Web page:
Takes Secretin’s Story: “Improved social and language skills”—ie, improvement in core autism symptoms—“after administration of secretin in patients with autism spectrum disorders.” Secretin is an intestinal hormone that is involved in digestion and is used in a diagnostic test of pancreatic function. The researchers just happened to run this test on some children who had just developed autism, and to their surprise, within weeks of taking the test, there was “a significant improvement in their behaviour, manifested by improved eye contact, alertness, and an expansion of expressive language”.
This is understandable Effects Media “madness”, and parents scrambled to find things, “resulting in a black market for drugs…what makes a TV show interesting may not, of course, be the same as what makes good science.” You have to test it.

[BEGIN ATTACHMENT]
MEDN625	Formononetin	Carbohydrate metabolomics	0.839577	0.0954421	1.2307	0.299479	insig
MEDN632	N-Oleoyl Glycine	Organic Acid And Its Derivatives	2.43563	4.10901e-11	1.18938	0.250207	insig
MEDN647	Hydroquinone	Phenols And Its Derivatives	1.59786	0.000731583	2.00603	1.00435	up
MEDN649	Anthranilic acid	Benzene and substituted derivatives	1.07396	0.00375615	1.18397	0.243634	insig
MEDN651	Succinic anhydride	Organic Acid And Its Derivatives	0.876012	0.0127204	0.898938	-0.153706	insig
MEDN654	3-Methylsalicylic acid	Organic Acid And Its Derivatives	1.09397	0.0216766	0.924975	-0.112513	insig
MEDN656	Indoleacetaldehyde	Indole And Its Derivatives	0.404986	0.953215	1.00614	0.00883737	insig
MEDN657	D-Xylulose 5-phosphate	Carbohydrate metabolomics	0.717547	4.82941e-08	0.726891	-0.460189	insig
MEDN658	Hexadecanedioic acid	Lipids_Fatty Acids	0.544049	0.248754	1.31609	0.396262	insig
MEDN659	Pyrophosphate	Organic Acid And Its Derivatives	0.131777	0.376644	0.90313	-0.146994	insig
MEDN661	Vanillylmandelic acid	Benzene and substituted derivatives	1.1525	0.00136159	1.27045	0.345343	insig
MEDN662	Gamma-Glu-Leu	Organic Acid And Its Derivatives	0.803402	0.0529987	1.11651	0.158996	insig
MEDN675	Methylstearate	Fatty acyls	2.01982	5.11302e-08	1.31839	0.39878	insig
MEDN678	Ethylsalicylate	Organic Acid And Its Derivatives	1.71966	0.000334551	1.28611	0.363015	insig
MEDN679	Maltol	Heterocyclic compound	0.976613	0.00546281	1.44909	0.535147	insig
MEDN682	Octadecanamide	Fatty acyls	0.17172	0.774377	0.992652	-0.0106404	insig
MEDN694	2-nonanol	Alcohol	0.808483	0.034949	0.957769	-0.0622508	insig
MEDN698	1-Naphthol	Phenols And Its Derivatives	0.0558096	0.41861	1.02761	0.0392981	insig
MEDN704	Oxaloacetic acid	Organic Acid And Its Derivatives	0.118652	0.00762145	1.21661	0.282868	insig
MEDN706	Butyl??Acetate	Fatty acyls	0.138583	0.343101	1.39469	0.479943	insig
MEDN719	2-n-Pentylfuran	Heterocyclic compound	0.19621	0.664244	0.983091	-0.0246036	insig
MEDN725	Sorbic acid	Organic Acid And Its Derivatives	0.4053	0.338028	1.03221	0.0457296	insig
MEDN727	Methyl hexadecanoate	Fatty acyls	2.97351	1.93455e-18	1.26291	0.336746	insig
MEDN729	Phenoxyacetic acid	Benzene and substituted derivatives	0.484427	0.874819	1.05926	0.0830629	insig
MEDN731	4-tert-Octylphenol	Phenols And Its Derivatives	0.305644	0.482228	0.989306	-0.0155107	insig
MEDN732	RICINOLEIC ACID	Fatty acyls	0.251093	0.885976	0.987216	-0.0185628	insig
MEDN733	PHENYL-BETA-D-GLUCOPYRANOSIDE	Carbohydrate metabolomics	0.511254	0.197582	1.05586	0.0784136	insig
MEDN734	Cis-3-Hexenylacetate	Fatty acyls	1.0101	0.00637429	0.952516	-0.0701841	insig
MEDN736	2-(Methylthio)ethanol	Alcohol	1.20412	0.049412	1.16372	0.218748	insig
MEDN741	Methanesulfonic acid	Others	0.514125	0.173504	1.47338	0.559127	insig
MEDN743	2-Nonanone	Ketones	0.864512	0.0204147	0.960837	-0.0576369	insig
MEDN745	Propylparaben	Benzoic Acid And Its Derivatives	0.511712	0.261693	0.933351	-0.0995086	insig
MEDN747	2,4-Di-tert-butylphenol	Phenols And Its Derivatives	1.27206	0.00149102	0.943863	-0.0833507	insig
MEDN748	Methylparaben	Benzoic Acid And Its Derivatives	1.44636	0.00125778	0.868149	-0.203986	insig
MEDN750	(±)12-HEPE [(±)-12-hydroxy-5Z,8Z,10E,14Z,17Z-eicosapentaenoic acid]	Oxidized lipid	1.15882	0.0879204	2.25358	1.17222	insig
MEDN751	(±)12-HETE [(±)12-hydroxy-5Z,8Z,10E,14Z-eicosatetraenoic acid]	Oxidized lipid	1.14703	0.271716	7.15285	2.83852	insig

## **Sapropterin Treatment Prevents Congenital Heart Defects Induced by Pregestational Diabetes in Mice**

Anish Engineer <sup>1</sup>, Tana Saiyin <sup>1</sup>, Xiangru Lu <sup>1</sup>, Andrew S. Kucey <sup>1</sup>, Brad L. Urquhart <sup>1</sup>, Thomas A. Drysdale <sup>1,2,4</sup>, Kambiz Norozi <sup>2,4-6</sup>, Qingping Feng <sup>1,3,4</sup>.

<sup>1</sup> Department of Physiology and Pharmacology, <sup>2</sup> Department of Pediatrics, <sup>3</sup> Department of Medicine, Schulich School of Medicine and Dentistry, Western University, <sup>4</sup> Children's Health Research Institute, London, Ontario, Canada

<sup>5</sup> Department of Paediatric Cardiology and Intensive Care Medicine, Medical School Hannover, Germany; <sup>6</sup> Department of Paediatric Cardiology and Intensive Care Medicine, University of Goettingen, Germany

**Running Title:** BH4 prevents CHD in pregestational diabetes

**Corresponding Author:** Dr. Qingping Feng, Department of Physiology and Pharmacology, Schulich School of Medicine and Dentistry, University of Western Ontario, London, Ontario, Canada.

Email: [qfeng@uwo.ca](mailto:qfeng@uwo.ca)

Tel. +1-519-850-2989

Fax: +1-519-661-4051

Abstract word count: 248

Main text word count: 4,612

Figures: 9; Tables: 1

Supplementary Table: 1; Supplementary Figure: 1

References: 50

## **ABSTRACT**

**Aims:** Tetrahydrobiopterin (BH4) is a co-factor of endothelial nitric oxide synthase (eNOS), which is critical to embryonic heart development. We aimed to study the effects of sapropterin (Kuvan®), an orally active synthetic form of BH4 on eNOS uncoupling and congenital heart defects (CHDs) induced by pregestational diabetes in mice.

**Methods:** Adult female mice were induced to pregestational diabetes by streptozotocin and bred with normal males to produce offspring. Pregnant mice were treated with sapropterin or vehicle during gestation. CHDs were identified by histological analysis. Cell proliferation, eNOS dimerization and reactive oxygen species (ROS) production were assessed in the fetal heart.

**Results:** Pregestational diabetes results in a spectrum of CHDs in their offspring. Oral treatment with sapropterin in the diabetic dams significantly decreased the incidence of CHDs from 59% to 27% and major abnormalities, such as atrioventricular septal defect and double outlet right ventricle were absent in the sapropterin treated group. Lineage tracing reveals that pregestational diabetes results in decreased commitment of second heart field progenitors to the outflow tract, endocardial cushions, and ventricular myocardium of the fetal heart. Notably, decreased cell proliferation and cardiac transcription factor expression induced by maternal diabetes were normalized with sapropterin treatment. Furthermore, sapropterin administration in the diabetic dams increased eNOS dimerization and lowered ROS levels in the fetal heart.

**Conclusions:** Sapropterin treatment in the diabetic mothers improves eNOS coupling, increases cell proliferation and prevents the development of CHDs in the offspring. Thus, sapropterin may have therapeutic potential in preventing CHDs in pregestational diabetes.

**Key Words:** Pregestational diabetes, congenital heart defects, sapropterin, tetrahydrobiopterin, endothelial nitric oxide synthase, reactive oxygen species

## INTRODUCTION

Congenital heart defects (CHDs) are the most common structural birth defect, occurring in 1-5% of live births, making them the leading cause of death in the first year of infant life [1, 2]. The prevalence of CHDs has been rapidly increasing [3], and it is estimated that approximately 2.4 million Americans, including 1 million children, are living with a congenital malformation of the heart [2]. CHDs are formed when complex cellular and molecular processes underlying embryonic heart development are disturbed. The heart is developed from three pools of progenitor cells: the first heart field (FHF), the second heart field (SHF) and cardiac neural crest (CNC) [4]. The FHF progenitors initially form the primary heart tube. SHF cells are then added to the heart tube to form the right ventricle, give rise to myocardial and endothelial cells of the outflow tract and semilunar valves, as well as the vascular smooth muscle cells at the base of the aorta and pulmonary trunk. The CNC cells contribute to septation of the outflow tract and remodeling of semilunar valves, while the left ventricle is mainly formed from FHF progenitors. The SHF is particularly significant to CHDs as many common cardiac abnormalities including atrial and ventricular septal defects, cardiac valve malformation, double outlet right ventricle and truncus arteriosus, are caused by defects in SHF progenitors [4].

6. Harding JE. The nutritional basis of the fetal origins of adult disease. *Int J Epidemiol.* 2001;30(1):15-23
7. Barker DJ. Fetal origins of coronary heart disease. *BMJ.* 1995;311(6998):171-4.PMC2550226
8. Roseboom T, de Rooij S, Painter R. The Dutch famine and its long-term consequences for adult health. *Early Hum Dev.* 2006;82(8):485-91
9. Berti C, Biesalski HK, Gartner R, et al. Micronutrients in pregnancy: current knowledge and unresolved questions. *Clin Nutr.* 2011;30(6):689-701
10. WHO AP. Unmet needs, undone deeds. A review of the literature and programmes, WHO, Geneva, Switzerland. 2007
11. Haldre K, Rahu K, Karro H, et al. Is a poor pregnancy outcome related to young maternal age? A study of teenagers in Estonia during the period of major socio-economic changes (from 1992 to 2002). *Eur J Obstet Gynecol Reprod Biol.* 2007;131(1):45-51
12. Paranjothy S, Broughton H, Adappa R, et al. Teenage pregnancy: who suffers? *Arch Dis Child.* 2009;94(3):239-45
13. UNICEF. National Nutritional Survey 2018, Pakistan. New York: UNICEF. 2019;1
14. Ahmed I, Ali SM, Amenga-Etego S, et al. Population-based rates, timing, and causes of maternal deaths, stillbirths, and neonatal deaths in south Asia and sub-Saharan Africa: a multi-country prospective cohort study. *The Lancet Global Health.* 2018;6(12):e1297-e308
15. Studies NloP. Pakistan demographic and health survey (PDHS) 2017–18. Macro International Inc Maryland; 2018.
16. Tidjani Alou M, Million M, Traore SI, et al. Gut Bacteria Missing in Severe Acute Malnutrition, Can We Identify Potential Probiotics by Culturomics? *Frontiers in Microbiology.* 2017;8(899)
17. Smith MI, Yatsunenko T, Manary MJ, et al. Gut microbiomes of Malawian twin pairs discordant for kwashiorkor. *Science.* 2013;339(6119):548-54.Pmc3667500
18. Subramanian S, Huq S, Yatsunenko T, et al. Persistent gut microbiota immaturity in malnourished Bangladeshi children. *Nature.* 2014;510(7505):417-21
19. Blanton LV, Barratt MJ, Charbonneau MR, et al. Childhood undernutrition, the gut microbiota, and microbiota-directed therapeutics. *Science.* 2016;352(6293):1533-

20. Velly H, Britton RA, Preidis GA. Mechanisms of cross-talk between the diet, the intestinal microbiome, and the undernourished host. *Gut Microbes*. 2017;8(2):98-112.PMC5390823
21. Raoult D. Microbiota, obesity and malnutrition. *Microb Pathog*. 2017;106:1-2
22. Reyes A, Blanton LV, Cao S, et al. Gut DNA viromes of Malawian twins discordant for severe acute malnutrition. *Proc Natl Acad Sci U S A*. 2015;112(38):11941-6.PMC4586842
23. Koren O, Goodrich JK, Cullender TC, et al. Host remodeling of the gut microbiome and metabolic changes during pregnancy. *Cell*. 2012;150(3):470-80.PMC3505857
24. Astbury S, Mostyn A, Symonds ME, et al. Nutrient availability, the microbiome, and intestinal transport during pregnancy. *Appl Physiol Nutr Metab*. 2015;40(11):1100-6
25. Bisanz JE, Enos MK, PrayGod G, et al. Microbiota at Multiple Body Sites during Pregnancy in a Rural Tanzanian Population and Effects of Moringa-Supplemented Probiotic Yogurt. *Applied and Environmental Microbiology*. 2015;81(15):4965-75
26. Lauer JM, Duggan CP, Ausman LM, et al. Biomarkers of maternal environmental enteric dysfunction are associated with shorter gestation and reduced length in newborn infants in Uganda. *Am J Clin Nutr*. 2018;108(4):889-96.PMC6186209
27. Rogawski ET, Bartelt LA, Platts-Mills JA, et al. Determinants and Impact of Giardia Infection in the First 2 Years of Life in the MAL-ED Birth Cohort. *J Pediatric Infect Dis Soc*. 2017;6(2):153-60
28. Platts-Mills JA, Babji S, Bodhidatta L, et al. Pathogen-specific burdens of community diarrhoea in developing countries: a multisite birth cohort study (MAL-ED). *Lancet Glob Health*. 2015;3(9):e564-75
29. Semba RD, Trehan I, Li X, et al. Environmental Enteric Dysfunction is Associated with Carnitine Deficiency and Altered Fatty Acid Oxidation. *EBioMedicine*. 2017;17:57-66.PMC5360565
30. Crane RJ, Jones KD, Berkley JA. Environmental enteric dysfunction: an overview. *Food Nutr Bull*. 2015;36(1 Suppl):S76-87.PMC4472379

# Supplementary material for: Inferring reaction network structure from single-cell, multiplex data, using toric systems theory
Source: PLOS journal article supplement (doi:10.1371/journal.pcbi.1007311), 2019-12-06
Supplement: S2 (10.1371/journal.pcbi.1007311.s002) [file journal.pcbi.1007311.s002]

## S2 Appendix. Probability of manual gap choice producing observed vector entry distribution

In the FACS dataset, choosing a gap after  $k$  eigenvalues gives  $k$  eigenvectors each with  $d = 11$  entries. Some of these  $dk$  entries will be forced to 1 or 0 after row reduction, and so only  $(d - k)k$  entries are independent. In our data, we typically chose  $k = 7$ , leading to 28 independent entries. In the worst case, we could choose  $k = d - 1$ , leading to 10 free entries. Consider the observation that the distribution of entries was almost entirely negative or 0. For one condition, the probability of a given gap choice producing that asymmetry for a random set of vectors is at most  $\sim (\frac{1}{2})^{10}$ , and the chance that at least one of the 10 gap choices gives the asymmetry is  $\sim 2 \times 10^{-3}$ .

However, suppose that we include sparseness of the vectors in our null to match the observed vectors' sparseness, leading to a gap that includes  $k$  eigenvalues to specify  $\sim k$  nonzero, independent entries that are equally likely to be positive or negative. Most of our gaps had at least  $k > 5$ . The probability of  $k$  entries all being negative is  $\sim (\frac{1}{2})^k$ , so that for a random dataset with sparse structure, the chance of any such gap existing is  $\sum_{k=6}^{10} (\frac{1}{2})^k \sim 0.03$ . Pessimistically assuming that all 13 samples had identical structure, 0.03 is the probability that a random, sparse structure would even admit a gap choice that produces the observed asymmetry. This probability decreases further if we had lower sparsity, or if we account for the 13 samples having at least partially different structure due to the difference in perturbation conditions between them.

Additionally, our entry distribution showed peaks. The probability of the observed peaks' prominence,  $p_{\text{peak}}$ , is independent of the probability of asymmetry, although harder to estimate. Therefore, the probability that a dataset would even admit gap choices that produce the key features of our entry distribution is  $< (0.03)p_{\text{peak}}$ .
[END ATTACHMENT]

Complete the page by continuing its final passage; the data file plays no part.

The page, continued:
A randomized controlled trial was conducted on the effect of serine on children with autism he did, and “No significant effects were found”. The study used porcine secretin – swine hormones. Could human keratin work better? No, apparently not. there I was “Don’t take advantage” of human secrecy, too. But, as you can see below and at 4:27 in my country videothe data appeared at first show This secret worked perfectly. One shot of the two secrets, autistic behaviors fall within days! The same thing happened when the placebo was injected, which is why we do placebo-controlled studies.